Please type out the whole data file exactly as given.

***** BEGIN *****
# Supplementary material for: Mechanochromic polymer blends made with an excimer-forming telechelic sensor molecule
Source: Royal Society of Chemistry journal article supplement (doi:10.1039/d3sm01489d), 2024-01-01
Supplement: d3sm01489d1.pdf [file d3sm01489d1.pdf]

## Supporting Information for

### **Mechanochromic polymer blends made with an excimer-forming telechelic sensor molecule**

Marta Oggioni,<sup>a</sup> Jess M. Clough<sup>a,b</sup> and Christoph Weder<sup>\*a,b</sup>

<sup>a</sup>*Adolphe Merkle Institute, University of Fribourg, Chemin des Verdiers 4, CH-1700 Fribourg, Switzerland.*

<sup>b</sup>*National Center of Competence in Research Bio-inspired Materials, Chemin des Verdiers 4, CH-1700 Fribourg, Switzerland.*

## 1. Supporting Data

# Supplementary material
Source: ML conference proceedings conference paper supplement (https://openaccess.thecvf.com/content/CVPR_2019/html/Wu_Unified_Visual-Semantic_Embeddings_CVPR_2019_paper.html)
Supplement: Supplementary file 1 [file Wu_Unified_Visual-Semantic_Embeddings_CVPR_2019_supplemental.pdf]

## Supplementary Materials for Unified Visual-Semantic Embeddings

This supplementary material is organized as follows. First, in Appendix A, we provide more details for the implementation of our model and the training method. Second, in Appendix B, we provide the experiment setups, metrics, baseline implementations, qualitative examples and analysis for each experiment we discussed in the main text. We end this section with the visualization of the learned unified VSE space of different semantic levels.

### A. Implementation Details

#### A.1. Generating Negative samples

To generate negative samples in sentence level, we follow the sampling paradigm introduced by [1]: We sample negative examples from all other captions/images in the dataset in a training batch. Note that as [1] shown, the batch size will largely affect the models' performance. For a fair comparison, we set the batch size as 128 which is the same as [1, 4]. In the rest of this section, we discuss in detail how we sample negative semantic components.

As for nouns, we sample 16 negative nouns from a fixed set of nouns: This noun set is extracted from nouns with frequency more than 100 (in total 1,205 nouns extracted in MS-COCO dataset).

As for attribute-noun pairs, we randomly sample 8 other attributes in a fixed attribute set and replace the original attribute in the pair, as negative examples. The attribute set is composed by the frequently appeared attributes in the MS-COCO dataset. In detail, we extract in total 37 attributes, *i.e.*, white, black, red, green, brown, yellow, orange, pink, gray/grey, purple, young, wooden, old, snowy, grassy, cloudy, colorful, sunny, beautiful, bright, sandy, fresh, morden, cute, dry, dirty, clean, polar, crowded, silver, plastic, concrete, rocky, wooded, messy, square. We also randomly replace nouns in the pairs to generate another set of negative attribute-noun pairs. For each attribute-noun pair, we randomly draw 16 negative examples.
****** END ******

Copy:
# Supplementary material for: Mechanochromic polymer blends made with an excimer-forming telechelic sensor molecule
Source: Royal Society of Chemistry journal article supplement (doi:10.1039/d3sm01489d), 2024-01-01
Supplement: d3sm01489d1.pdf [file d3sm01489d1.pdf]

## Supporting Information for

### **Mechanochromic polymer blends made with an excimer-forming telechelic sensor molecule**

Marta Oggioni,<sup>a</sup> Jess M. Clough<sup>a,b</sup> and Christoph Weder<sup>\*a,b</sup>

<sup>a</sup>*Adolphe Merkle Institute, University of Fribourg, Chemin des Verdiers 4, CH-1700 Fribourg, Switzerland.*

<sup>b</sup>*National Center of Competence in Research Bio-inspired Materials, Chemin des Verdiers 4, CH-1700 Fribourg, Switzerland.*

## 1. Supporting Data

# Supplementary material
Source: ML conference proceedings conference paper supplement (https://openaccess.thecvf.com/content/CVPR_2019/html/Wu_Unified_Visual-Semantic_Embeddings_CVPR_2019_paper.html)
Supplement: Supplementary file 1 [file Wu_Unified_Visual-Semantic_Embeddings_CVPR_2019_supplemental.pdf]

## Supplementary Materials for Unified Visual-Semantic Embeddings

This supplementary material is organized as follows. First, in Appendix A, we provide more details for the implementation of our model and the training method. Second, in Appendix B, we provide the experiment setups, metrics, baseline implementations, qualitative examples and analysis for each experiment we discussed in the main text. We end this section with the visualization of the learned unified VSE space of different semantic levels.

### A. Implementation Details

#### A.1. Generating Negative samples

To generate negative samples in sentence level, we follow the sampling paradigm introduced by [1]: We sample negative examples from all other captions/images in the dataset in a training batch. Note that as [1] shown, the batch size will largely affect the models' performance. For a fair comparison, we set the batch size as 128 which is the same as [1, 4]. In the rest of this section, we discuss in detail how we sample negative semantic components.

As for nouns, we sample 16 negative nouns from a fixed set of nouns: This noun set is extracted from nouns with frequency more than 100 (in total 1,205 nouns extracted in MS-COCO dataset).

As for attribute-noun pairs, we randomly sample 8 other attributes in a fixed attribute set and replace the original attribute in the pair, as negative examples. The attribute set is composed by the frequently appeared attributes in the MS-COCO dataset. In detail, we extract in total 37 attributes, *i.e.*, white, black, red, green, brown, yellow, orange, pink, gray/grey, purple, young, wooden, old, snowy, grassy, cloudy, colorful, sunny, beautiful, bright, sandy, fresh, morden, cute, dry, dirty, clean, polar, crowded, silver, plastic, concrete, rocky, wooded, messy, square. We also randomly replace nouns in the pairs to generate another set of negative attribute-noun pairs. For each attribute-noun pair, we randomly draw 16 negative examples.